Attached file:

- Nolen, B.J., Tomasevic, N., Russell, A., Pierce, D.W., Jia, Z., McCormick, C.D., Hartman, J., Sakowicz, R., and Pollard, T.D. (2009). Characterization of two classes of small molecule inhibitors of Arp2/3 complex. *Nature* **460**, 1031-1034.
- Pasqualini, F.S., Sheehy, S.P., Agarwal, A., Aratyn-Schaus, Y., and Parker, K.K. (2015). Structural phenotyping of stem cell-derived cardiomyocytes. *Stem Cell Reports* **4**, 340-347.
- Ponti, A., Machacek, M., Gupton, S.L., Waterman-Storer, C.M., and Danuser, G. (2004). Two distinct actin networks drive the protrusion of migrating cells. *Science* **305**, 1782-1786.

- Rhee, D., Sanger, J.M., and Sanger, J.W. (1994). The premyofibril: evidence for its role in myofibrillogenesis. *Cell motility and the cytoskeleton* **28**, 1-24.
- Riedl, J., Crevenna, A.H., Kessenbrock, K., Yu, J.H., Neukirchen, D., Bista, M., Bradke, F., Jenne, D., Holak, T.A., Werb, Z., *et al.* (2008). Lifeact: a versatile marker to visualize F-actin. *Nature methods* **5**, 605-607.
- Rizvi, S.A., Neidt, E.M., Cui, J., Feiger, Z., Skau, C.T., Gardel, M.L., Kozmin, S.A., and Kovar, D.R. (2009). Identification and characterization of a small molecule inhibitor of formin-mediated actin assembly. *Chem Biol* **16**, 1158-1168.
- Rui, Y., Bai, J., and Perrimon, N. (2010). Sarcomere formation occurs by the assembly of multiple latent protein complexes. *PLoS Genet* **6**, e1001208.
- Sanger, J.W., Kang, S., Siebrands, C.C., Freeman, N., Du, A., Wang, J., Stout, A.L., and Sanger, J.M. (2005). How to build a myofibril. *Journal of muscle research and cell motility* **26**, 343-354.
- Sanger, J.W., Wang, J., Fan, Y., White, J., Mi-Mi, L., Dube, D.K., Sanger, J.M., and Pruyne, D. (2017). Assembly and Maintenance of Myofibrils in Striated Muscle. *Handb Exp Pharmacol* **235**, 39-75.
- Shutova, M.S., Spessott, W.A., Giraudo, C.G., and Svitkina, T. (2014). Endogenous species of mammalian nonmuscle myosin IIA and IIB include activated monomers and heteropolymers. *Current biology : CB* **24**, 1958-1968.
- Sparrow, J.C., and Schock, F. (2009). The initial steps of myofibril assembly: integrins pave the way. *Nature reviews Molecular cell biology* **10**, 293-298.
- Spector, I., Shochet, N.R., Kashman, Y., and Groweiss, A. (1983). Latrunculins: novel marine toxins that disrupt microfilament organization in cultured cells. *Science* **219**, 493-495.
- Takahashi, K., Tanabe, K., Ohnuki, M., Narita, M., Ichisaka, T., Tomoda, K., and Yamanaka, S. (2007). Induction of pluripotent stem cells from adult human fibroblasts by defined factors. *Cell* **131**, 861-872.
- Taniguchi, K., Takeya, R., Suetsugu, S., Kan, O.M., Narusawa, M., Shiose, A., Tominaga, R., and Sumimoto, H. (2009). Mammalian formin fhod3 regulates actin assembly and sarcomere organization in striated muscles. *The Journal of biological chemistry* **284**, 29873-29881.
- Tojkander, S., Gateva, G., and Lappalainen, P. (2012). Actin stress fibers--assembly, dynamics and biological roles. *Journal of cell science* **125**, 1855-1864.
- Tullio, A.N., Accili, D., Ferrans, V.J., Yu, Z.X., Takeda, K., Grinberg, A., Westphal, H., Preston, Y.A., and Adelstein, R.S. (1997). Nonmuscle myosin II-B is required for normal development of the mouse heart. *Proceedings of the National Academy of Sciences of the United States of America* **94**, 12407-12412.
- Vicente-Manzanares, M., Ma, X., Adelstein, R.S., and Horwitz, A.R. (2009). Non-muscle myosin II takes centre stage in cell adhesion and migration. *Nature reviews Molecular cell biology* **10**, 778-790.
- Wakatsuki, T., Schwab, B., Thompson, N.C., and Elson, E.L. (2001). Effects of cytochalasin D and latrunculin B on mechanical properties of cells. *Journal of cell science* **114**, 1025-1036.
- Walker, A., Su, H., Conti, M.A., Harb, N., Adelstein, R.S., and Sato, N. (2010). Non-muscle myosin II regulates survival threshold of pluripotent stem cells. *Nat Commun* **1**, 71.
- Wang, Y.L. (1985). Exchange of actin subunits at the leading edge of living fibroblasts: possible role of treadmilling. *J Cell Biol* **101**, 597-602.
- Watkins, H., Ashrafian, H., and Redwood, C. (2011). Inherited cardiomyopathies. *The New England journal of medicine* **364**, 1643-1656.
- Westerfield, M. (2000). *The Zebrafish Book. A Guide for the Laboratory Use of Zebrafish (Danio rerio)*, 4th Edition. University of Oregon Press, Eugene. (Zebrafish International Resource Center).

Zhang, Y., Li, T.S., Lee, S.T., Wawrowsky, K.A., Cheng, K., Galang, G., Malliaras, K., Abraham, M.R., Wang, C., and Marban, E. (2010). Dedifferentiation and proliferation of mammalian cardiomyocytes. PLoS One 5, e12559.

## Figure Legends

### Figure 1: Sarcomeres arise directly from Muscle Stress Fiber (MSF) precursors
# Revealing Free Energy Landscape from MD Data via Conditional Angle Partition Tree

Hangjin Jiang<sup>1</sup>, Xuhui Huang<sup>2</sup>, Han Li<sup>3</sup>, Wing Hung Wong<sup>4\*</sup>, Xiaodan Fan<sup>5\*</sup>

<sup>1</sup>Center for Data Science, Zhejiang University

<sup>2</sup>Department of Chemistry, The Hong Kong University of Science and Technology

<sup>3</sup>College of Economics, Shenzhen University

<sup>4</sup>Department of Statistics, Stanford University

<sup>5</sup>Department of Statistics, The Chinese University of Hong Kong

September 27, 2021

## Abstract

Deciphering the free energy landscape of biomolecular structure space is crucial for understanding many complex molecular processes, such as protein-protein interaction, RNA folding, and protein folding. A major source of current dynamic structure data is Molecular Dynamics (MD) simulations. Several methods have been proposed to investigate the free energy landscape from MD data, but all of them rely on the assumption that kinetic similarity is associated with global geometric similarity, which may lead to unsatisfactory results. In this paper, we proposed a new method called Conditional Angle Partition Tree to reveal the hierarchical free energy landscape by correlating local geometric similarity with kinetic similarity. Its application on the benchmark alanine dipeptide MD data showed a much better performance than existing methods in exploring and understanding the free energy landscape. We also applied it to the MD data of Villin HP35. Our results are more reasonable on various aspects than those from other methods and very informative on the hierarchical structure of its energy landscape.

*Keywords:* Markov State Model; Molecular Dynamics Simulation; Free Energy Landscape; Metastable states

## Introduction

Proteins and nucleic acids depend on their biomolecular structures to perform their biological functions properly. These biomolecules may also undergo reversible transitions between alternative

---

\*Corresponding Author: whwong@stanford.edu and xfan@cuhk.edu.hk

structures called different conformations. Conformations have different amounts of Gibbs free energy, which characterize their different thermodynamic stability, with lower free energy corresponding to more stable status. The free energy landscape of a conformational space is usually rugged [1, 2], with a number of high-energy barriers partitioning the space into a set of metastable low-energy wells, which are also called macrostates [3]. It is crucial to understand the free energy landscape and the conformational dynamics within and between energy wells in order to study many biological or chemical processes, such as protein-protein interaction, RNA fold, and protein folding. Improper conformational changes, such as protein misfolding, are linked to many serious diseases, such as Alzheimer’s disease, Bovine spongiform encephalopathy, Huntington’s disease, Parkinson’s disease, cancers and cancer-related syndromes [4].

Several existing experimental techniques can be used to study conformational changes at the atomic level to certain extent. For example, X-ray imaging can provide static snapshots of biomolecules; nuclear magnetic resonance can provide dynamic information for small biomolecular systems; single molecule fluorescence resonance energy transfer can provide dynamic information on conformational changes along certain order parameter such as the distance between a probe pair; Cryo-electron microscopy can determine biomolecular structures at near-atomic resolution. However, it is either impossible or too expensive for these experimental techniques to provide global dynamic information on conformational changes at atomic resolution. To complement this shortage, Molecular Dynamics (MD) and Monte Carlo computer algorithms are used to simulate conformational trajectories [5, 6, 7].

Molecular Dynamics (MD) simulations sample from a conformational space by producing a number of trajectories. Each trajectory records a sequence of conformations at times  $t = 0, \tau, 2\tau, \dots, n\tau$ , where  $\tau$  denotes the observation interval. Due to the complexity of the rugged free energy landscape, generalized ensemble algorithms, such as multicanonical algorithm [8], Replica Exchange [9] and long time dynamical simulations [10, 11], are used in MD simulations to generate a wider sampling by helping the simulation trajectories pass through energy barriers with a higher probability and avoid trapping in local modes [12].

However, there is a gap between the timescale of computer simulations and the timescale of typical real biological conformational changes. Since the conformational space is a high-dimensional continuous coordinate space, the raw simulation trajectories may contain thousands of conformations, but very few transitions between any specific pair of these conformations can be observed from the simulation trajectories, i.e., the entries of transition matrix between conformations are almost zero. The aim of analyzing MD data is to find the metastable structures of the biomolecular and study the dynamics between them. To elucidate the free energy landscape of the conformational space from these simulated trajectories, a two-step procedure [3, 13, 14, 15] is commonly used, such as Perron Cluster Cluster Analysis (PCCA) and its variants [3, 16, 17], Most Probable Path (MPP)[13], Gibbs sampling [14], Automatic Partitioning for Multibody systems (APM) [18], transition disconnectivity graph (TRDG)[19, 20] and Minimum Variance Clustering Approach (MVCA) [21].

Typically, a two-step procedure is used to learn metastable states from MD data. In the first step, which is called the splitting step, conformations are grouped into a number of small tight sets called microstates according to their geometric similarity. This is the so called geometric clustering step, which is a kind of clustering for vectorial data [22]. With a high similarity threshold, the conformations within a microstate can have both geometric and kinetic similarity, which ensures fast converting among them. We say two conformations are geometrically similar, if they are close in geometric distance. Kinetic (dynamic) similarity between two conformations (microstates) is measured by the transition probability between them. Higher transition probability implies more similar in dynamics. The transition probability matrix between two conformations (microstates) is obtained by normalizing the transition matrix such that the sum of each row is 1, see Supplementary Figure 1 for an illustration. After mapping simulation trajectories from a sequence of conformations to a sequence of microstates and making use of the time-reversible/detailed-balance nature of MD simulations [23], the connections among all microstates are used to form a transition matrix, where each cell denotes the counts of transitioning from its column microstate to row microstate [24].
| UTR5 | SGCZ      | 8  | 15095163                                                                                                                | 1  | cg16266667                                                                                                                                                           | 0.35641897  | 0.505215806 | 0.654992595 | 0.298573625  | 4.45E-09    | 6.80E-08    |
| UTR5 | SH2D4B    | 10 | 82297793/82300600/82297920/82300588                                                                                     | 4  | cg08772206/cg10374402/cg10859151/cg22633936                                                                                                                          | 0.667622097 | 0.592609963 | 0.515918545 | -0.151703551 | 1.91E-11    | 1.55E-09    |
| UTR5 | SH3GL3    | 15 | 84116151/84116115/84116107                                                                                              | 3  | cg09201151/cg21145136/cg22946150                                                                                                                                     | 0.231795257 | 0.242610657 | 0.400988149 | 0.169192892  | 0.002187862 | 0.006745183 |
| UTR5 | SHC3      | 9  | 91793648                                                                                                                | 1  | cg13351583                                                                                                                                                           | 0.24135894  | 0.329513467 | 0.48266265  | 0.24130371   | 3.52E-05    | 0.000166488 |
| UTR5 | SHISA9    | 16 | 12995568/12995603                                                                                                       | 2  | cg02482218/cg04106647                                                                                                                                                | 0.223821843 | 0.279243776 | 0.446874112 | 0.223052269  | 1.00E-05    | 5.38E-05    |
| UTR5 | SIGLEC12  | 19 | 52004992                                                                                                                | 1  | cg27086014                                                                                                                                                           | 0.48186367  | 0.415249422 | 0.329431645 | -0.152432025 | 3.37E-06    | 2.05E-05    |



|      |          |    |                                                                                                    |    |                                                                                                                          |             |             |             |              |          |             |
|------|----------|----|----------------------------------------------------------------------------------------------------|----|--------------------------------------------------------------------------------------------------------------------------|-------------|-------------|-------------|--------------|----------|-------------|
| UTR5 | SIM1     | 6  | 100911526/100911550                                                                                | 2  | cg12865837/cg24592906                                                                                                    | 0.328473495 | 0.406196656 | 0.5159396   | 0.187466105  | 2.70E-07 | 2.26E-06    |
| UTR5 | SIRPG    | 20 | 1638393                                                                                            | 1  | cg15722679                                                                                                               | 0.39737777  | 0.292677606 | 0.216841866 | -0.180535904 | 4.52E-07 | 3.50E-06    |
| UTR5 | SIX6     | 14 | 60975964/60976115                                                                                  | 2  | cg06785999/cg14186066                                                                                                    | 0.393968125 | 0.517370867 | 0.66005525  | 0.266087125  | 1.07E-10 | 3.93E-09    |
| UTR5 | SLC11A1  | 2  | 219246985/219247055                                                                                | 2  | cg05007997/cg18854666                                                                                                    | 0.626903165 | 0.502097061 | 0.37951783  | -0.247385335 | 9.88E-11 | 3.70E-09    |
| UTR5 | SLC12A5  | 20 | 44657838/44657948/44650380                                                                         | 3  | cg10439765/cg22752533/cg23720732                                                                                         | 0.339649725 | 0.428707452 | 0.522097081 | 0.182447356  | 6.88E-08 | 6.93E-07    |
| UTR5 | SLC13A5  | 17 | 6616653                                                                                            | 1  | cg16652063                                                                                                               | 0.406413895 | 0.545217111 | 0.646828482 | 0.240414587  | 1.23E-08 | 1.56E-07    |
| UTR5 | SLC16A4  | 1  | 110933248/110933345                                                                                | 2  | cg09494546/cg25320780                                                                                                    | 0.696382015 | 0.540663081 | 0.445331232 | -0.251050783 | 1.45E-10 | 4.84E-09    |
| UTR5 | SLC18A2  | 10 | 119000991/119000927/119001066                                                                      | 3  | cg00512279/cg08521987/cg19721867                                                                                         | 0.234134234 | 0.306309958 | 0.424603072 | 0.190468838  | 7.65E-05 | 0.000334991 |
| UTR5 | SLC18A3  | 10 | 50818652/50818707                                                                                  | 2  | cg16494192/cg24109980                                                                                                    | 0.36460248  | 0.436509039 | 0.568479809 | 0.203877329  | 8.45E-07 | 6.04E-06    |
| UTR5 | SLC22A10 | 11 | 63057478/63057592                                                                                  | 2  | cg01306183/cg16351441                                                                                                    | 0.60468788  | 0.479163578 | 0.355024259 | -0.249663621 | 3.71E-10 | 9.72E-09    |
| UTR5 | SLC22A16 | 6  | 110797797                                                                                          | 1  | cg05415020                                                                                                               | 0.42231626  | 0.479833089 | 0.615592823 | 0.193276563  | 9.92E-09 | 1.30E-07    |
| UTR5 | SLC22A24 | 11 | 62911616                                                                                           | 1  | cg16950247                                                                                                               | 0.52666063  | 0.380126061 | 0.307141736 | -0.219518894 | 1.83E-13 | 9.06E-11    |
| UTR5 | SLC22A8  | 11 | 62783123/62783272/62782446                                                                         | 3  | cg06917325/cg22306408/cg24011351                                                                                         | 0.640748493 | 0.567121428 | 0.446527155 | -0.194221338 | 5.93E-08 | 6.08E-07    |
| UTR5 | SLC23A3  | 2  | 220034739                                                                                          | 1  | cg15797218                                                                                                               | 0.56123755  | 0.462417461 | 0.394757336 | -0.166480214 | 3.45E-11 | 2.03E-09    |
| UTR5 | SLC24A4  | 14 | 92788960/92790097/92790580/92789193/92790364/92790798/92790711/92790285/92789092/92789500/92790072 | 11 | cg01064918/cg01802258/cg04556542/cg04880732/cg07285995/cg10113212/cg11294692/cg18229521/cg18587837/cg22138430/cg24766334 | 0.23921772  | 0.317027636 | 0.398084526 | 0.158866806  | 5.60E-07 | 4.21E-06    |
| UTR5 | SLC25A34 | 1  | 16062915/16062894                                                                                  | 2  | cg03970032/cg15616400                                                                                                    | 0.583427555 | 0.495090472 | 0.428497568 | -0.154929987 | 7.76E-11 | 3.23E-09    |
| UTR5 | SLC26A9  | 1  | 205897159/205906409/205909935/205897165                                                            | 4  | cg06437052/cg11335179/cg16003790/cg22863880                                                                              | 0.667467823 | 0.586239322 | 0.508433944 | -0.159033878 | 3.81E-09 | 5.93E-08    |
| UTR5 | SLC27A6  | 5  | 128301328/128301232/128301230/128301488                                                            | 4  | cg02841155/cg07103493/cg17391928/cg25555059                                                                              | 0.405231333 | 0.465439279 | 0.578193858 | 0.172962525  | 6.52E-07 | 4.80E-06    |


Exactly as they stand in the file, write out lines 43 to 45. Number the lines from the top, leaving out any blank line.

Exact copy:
Molecular Dynamics (MD) simulations sample from a conformational space by producing a number of trajectories. Each trajectory records a sequence of conformations at times  $t = 0, \tau, 2\tau, \dots, n\tau$ , where  $\tau$  denotes the observation interval. Due to the complexity of the rugged free energy landscape, generalized ensemble algorithms, such as multicanonical algorithm [8], Replica Exchange [9] and long time dynamical simulations [10, 11], are used in MD simulations to generate a wider sampling by helping the simulation trajectories pass through energy barriers with a higher probability and avoid trapping in local modes [12].

However, there is a gap between the timescale of computer simulations and the timescale of typical real biological conformational changes. Since the conformational space is a high-dimensional continuous coordinate space, the raw simulation trajectories may contain thousands of conformations, but very few transitions between any specific pair of these conformations can be observed from the simulation trajectories, i.e., the entries of transition matrix between conformations are almost zero. The aim of analyzing MD data is to find the metastable structures of the biomolecular and study the dynamics between them. To elucidate the free energy landscape of the conformational space from these simulated trajectories, a two-step procedure [3, 13, 14, 15] is commonly used, such as Perron Cluster Cluster Analysis (PCCA) and its variants [3, 16, 17], Most Probable Path (MPP)[13], Gibbs sampling [14], Automatic Partitioning for Multibody systems (APM) [18], transition disconnectivity graph (TRDG)[19, 20] and Minimum Variance Clustering Approach (MVCA) [21].

Typically, a two-step procedure is used to learn metastable states from MD data. In the first step, which is called the splitting step, conformations are grouped into a number of small tight sets called microstates according to their geometric similarity. This is the so called geometric clustering step, which is a kind of clustering for vectorial data [22]. With a high similarity threshold, the conformations within a microstate can have both geometric and kinetic similarity, which ensures fast converting among them. We say two conformations are geometrically similar, if they are close in geometric distance. Kinetic (dynamic) similarity between two conformations (microstates) is measured by the transition probability between them. Higher transition probability implies more similar in dynamics. The transition probability matrix between two conformations (microstates) is obtained by normalizing the transition matrix such that the sum of each row is 1, see Supplementary Figure 1 for an illustration. After mapping simulation trajectories from a sequence of conformations to a sequence of microstates and making use of the time-reversible/detailed-balance nature of MD simulations [23], the connections among all microstates are used to form a transition matrix, where each cell denotes the counts of transitioning from its column microstate to row microstate [24].